Kid Number One: Alan Hassenfeld by G. Wayne Miller

by Julia DeKorte | 15 Jul 2022

Book Reviews

In Kid Number One, author G. Wayne Miller provides a comprehensive, in-depth look into all things Hasbro: its founding, triumphs, challenges, competitors, products, and most extensively, the Hassenfelds. Beginning with the story of how Henry and Hillel immigrated to America and soon after founded Hassenfeld Bros in 1917, Miller covers the journey of Hasbro all the way through 2019, running through its list of CEOs following the original brothers: Merrill Hassenfeld, Stephen Hassenfeld, Alan Hassenfeld, Al Verrecchia, and Brian Goldner. Miller focuses most entirely on Alan: his early life, how his business ventures began, his abrupt ascent into CEO position, his reign as the head of Hasbro, and his philanthropic endeavors and political involvements before and after stepping down from leadership in Hasbro.

Miller is nothing if not thorough. With hundreds of quotes from different significant people, interviews, photos, and statistics, Kid Number One truly covers all the information necessary to gain a vast knowledge of all things Hasbro. Readers are brought along for fantastic inventions that brought Hasbro prosperity, the products that flopped within weeks that dug Hasbro into a financial hole, and the management decisions that ended up fixing things.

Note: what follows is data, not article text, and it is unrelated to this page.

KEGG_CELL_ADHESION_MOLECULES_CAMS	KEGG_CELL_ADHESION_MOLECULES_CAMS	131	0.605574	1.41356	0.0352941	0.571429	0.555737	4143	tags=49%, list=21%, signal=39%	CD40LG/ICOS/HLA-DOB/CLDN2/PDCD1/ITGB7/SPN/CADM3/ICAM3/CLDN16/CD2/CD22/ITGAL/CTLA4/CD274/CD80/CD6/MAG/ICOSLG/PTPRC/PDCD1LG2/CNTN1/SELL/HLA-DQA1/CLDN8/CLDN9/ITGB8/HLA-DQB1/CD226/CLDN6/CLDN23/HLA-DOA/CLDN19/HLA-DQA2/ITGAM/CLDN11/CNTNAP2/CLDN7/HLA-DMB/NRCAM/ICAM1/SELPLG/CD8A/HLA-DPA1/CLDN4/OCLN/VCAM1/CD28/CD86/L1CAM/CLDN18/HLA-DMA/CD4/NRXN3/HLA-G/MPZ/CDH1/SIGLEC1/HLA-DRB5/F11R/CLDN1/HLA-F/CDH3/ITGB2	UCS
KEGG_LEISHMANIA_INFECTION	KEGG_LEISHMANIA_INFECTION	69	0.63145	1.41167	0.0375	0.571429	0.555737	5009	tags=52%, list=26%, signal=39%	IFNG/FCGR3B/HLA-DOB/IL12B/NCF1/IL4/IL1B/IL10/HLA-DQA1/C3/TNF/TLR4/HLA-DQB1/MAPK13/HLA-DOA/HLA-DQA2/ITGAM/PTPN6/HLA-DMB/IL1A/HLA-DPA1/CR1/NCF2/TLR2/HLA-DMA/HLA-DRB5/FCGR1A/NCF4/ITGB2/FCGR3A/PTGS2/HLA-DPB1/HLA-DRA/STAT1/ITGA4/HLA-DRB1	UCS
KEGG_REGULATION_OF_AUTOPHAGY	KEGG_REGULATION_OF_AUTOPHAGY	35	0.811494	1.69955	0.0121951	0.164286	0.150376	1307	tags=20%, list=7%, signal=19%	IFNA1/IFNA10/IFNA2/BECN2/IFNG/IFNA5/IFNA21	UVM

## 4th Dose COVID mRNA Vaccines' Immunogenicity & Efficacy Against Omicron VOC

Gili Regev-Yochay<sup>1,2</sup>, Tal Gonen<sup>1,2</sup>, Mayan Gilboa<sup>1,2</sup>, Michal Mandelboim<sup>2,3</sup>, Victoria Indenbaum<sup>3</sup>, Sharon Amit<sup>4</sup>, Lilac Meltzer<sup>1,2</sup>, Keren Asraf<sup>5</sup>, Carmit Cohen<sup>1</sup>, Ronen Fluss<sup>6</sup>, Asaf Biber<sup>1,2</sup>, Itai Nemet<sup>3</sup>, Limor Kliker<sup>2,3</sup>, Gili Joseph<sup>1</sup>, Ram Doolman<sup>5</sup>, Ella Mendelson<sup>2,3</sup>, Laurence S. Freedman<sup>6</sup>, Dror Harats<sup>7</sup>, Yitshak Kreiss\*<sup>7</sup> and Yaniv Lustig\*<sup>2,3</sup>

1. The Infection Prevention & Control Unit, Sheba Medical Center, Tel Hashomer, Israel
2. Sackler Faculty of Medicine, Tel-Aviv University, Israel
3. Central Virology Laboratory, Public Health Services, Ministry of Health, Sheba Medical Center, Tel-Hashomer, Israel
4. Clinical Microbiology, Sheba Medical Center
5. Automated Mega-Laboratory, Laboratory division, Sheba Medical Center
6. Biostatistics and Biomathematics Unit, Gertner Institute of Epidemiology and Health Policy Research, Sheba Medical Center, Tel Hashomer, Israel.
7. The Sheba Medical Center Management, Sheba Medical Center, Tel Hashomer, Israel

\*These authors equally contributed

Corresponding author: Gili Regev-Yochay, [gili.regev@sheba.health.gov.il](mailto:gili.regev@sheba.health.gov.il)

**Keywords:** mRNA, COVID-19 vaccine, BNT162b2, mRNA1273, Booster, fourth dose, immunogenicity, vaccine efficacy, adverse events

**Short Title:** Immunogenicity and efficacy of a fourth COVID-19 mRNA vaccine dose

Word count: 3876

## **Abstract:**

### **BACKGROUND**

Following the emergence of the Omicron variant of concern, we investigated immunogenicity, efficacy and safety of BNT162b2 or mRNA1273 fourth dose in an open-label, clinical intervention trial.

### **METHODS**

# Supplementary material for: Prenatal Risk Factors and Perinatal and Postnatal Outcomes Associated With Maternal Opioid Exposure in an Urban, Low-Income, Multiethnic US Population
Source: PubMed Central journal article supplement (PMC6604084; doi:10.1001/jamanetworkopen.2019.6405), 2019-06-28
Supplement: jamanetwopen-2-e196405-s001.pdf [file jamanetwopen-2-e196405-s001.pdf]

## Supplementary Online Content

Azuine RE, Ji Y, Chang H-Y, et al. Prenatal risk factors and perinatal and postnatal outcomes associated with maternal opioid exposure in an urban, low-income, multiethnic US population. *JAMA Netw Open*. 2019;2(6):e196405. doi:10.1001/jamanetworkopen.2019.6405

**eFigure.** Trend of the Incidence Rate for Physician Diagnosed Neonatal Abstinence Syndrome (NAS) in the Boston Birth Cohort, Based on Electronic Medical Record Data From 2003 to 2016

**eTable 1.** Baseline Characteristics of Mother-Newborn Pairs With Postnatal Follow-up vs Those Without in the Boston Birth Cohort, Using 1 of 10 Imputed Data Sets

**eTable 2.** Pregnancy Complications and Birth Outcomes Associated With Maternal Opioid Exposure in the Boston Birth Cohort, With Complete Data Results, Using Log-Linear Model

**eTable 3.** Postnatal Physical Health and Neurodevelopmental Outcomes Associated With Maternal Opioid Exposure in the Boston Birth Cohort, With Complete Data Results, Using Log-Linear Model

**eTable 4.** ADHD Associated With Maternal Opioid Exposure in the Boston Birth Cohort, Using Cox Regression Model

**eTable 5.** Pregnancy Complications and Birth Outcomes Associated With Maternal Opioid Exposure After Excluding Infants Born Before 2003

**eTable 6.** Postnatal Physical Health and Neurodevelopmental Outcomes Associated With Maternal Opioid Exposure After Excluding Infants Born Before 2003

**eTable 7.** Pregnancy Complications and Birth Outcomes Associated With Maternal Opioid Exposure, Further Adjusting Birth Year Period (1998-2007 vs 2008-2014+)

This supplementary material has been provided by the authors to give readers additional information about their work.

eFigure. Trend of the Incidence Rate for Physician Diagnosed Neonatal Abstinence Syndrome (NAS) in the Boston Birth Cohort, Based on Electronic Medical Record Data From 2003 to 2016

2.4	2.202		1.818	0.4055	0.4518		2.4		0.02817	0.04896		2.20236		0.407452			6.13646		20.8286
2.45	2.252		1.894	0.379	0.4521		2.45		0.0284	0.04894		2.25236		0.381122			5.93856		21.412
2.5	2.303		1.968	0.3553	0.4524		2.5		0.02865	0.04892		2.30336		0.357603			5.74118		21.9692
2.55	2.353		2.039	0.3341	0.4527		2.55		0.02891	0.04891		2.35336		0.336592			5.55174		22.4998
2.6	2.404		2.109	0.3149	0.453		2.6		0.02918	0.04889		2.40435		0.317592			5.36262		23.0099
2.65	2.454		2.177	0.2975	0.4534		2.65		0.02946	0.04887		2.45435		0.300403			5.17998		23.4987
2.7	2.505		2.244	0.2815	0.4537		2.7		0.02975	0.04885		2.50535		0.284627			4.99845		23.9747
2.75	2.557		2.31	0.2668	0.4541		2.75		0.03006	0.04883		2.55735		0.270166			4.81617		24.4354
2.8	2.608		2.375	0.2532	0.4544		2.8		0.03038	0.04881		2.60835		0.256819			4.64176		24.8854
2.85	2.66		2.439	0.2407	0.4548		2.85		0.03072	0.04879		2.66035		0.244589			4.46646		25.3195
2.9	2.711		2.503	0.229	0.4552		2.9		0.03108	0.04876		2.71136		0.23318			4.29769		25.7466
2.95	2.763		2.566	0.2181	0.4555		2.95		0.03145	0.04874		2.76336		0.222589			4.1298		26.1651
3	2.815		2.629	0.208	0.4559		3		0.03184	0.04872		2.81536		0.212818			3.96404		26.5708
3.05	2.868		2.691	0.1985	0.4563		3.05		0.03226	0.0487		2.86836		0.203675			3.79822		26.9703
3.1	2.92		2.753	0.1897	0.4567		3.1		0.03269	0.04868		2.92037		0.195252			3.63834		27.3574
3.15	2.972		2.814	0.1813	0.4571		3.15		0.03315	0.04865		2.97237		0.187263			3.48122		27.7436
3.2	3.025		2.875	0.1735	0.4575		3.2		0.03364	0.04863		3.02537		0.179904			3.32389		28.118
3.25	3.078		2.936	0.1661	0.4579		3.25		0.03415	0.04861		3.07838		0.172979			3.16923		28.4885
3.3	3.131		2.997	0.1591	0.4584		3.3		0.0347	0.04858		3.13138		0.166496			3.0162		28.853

But aside from the factual information, Miller does an excellent job telling stories. Nearly brought to tears on numerous occasions while reading, Kid Number One is more than just informative. Readers are welcomed into the Hasbro family, learn all of the quirks of all the characters, and quite honestly befriend them, as much as one can befriend people they’ve never met.

Most specifically, readers meet Alan Hassenfeld. His likes and dislikes, his personality that translates into his business, his values that translate into Hasbro management, his socially conscious nature that’s supported by his philanthropic passions. Alan, an incredible businessman, family man, and philanthropist, is not someone readers will forget after closing the back cover.

Miller enhances his prose with various pictures of the people and products he writes about, and a cast list of characters with brief biographies and a list of notable toys in the beginning of the book as well as chapter notes and a complete index in the back of the book, making information very accessible.

Overall, Kid Number One is an impressive, informational, and all around engaging read. More than a story, more than a history, and more than a biography, Kid Number One is everything anyone who’s interested in the toy industry could need.

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